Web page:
I was reminded yesterday that it's been two weeks since I've posted here on Active Rain. Wow - that must be a record for me! Anyway, here I am... and I've been working on a Q&A for a Colorado online real estate school to include in their weekly newsletter, so thought I'd give one of the Q's a test drive here...
So, without further adoooooooo....
"How can I convince a buyer that now is a good time to buy?"
I don't believe in "convincing" anyone to make a huge decision like whether or not to purchase a home! Our buyers are adults and should be allowed to reach their own conclusions, based on their personal circumstances, beliefs and tolerance for risk. That said, you CAN help them reach the right decision for themselves by being knowledgeable, supportive and non-pushy.
- Knowledgeable: Stay on top of market trends and data. Read those articles and reports that come across your desk or email regarding the local real estate market and economy (both the positive and the doom & gloomer ones). Be prepared with facts & figures in case your buyer asks for them (see below).
- Supportive: Did you ever notice that when someone argues with you, you tend to dig in your heels and hold even more firmly to your opinion? I know I do, you probably do, too. So, if your buyer declares that the timing isn't right for him to buy a house, acknowledge and respect his position. Don't argue with it! Have you heard the saying "Those convinced against their will are of the same opinion still?"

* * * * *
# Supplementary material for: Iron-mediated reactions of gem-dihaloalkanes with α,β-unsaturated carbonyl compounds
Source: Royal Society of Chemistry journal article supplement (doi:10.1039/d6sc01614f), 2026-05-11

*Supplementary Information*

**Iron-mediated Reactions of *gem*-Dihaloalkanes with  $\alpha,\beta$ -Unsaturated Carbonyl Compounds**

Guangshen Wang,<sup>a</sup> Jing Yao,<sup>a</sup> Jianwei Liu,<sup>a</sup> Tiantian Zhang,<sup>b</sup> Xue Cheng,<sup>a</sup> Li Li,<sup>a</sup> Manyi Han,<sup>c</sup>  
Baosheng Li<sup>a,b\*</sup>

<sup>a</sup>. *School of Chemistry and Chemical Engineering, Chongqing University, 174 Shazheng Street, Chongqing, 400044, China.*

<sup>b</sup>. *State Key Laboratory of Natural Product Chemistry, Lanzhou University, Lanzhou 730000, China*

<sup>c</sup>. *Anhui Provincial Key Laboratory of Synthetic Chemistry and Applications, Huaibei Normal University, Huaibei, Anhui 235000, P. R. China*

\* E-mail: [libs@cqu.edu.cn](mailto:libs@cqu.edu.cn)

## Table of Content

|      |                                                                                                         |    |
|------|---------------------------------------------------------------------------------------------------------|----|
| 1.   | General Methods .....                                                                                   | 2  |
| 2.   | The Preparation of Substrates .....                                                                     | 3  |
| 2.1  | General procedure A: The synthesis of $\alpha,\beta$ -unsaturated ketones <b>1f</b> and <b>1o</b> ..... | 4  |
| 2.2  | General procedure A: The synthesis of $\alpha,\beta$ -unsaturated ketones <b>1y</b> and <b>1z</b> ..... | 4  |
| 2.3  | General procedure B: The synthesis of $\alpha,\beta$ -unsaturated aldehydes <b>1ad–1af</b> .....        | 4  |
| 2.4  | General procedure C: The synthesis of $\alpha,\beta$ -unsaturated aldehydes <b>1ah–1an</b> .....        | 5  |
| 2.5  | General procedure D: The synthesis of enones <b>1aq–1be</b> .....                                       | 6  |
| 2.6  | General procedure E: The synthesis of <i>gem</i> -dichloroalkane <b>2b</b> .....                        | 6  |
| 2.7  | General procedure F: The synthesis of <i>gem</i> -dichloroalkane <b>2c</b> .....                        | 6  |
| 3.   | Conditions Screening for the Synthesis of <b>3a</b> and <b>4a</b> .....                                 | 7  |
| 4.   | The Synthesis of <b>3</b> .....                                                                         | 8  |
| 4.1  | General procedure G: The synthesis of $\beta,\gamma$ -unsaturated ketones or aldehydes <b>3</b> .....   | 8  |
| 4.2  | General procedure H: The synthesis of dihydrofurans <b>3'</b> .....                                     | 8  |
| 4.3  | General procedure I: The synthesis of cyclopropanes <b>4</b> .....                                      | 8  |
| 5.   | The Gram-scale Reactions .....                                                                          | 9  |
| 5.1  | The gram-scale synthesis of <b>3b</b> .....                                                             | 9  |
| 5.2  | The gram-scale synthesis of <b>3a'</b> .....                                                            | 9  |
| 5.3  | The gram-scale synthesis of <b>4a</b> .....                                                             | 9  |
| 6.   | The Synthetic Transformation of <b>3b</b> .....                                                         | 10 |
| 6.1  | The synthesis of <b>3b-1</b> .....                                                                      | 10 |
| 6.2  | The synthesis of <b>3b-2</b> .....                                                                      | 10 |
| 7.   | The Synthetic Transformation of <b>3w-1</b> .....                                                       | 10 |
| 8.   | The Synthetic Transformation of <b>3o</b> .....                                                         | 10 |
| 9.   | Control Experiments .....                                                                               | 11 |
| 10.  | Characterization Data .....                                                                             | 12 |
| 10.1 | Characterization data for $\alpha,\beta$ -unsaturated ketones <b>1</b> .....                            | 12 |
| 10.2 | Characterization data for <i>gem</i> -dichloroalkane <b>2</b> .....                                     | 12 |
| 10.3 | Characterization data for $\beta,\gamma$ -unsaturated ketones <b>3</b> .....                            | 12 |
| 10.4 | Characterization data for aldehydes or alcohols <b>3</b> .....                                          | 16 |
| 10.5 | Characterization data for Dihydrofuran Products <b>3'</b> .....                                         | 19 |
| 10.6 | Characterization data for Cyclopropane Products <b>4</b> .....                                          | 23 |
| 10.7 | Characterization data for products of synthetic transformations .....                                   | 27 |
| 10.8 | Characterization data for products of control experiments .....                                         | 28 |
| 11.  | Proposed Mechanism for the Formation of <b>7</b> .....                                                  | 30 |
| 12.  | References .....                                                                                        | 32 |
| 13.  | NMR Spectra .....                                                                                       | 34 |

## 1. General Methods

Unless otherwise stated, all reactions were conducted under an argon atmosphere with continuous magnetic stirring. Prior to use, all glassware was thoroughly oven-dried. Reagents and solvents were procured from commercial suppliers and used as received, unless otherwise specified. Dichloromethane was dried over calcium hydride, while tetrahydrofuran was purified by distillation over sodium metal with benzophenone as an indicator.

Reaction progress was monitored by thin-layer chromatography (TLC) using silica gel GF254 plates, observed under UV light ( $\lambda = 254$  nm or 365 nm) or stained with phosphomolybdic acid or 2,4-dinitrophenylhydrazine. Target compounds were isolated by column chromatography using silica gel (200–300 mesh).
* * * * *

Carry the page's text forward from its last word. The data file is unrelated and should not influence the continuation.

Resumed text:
- Non-pushy: Our buyers know that we're paid on commission. Therefore, if you appear to be pushing them to do something they've decided they don't want to do; you'll likely lose their trust, and subsequently their future business. Buyers expect their agent to be looking out for their best interests, so any indication to the contrary (i.e. the agent seems more concerned with a paycheck than with the buyer's needs) may seriously damage the relationship.
The Punch Line: Here's the cool part. IF you are knowledgeable about your local market, supportive of your buyer's opinions and you DON'T PUSH him, one of two things will probably happen.
First, once the buyer realizes you are on his team, he may actually ask you for your opinion on the matter, at which time you are free to give it (this is where having the above-mentioned market knowledge comes in handy). Once he asks for your advice, he'll be much more willing to listen to it than if you'd pushed it on him, uninvited.
Or, second, he may decide not to buy a home right now, but will be back on your doorstep at a future date when he feels better about the market, the economy or his financial circumstances. And there's nothing wrong with a full pipeline!
Happy Friday, my friends!
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